How to fix a Dragon

While Cole’s Dragon is a very decent little set, it never felt right to me that the dragon is unable close its jaws. For me this is such an obvious action-feature that I am really surprised it is missing. To make matters worse, it has almost everywhere ball-joints except for the place where its head is attached to its body. The place where every vertebrate has one! I straight away felt the need to fix these shortcomings.

My two goals were clear: allowing the dragon to close its jaws and (ideally) also giving the poor thing a better movement of the head/neck region too. It took me quite a while though to come up with a decent solution. I didn’t wanted to change the appearance of the dragon too much, since its just right as it is. A very sleek build where every piece has its purpose. Staying within these building restrictions made my challenge tricky, yet the solution is surprisingly simple and quite in the spirit of Lego!

But before I show you what I came up with, lets have a recap on how the original version of the dragon looked like:

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The unedited vanilla-dragon!

As you can see there aren’t too many parts and therefore not much you can tinker with, so it seems. The head is attached by a simple joint-connection, and the jaw is clipped to something with looks like the handle of an old-school blaster piece I never seen before.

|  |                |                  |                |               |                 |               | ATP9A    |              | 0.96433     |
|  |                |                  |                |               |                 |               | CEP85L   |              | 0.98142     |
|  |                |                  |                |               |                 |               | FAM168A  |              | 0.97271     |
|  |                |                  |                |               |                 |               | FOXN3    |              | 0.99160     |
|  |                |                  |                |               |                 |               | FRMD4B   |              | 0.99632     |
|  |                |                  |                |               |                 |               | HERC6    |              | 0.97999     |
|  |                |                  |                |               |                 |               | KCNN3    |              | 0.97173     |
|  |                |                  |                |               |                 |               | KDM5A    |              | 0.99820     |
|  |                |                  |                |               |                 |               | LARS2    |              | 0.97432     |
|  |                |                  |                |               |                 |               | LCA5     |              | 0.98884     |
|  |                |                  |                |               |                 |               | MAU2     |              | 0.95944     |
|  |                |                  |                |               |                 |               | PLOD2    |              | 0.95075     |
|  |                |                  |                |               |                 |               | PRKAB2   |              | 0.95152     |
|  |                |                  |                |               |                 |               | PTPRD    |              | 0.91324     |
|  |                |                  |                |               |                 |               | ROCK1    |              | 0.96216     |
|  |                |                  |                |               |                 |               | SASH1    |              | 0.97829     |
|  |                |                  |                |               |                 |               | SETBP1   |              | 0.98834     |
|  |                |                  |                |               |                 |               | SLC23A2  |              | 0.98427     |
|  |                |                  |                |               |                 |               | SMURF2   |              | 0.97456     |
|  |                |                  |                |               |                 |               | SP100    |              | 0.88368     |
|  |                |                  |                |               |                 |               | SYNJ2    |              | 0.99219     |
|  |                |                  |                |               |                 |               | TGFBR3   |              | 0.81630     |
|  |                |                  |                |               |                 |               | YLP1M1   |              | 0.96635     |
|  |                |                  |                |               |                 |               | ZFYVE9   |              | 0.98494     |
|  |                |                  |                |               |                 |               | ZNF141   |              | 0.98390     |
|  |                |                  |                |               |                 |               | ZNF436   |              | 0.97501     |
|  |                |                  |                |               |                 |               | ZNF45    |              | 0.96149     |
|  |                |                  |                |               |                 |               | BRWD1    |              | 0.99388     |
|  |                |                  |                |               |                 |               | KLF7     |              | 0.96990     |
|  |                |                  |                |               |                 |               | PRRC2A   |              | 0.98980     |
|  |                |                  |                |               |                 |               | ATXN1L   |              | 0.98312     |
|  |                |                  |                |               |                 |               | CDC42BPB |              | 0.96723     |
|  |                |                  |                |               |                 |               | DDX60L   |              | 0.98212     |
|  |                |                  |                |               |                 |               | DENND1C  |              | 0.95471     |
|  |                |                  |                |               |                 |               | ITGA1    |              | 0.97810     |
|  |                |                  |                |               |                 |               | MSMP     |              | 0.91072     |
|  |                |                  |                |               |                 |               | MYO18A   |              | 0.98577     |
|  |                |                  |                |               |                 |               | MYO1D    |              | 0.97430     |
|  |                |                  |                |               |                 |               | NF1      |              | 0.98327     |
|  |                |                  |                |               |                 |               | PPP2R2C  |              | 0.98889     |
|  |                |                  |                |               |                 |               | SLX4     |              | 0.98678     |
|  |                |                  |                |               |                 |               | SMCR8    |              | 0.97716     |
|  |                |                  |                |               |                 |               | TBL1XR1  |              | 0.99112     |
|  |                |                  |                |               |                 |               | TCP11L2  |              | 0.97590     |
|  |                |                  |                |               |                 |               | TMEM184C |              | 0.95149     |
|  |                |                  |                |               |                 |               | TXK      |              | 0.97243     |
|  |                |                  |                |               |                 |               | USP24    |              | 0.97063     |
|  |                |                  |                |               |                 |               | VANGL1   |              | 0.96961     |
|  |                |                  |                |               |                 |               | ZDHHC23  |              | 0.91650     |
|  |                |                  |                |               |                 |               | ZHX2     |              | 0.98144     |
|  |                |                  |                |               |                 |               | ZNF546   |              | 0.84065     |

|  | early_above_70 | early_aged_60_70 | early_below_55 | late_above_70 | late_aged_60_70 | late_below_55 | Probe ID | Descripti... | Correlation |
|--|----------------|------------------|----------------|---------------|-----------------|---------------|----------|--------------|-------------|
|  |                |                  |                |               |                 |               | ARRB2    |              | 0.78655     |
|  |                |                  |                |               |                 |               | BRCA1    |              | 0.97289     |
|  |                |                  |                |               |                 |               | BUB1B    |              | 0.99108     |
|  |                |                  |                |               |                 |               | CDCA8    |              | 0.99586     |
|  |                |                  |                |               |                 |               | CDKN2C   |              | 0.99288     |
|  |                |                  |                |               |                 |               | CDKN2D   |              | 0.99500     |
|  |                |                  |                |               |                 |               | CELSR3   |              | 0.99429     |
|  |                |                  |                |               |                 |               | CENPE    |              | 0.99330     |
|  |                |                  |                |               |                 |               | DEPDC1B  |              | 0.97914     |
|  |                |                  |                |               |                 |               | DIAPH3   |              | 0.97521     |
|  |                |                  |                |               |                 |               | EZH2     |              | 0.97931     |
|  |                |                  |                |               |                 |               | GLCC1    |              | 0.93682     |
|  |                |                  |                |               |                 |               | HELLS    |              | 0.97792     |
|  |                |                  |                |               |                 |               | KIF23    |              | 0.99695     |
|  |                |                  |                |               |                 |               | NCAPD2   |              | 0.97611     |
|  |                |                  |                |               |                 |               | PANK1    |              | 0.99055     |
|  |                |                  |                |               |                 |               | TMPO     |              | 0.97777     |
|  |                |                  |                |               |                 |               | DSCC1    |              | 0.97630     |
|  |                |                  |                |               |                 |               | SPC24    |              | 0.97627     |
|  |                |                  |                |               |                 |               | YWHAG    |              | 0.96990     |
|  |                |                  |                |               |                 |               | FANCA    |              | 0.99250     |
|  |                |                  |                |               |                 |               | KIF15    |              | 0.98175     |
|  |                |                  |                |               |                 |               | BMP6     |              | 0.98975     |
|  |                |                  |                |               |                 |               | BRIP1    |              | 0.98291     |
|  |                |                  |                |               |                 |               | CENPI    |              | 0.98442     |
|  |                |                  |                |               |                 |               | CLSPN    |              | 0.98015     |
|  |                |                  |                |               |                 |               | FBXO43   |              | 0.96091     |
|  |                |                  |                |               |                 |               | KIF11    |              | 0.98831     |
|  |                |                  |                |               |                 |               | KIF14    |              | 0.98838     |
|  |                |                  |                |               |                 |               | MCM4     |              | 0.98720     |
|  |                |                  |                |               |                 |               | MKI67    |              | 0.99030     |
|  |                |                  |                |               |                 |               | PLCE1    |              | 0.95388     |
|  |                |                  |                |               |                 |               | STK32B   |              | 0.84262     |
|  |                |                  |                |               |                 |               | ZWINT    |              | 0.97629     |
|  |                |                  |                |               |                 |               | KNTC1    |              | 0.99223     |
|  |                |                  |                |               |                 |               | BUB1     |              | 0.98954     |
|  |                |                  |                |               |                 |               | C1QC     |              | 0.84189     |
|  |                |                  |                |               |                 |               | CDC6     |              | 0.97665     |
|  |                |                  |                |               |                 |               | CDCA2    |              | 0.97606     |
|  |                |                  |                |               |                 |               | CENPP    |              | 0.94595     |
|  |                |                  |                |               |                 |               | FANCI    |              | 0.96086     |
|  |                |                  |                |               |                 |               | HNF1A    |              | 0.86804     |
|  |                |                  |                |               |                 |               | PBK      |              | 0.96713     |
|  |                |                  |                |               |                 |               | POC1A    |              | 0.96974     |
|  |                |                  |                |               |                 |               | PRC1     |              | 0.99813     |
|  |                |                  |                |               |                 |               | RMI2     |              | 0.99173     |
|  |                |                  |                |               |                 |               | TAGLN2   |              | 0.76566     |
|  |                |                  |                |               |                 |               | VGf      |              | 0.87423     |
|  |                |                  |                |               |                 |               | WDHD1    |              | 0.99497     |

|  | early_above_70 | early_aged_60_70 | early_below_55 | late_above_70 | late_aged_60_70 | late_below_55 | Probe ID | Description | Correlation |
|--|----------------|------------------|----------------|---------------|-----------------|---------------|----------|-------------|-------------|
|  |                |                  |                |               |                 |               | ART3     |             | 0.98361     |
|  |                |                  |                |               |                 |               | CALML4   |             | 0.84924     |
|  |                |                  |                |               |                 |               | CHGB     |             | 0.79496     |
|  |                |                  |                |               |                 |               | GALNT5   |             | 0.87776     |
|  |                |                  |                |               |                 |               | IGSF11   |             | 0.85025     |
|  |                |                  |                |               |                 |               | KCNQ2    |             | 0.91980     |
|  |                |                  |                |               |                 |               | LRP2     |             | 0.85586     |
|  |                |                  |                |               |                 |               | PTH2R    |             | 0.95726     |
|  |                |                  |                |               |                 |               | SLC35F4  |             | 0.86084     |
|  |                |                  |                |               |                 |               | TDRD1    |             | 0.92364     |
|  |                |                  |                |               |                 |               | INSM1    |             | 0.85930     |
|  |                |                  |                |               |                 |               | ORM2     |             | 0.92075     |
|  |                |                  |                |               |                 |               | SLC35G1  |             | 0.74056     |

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The rejects.

Of course they had to go. But replacing the blaster-like piece proved to be really tricky, since the new piece needs to have studs on almost every side too. This piece quickly turned out to be the key to the whole problem.

Luckily I eventually had my eureka-moment! All I needed was these few parts:

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The replacements.

And the result was:

dsc00700-cropped-and-colour-balanced-closeup

The short bar pieces with clip proved incredibly helpful. They provide a lot of articulation – and while doing so they use up the least possible space. Wonderful! As a result the jaw is now significantly narrower, but being one piece, instead of two makes it actually much more sturdy. Also the studs on top of it work very well as teeth!

Cole’s dragon seems to be very happy about my modifications. This is also a nice opportunity to take a look at my fix from a different angle.

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Roar! Happy dragon is happy!

We will likely never know why the Lego designers didn’t choose a solution like mine and instead went for a much more limited neck. Maybe they wanted to keep the build more simple, then again my variant uses just as many parts, has a much better articulation and seems much more sturdy too. You certainly cant break the jaw off from it as easily anymore.

Anyway, that’s it for now. There are a couple more fixes I am going to post in the near future. One includes a new landing gear for my X-Wing, the other a redesign of the little pirate flyer from the Misfortune Keep!

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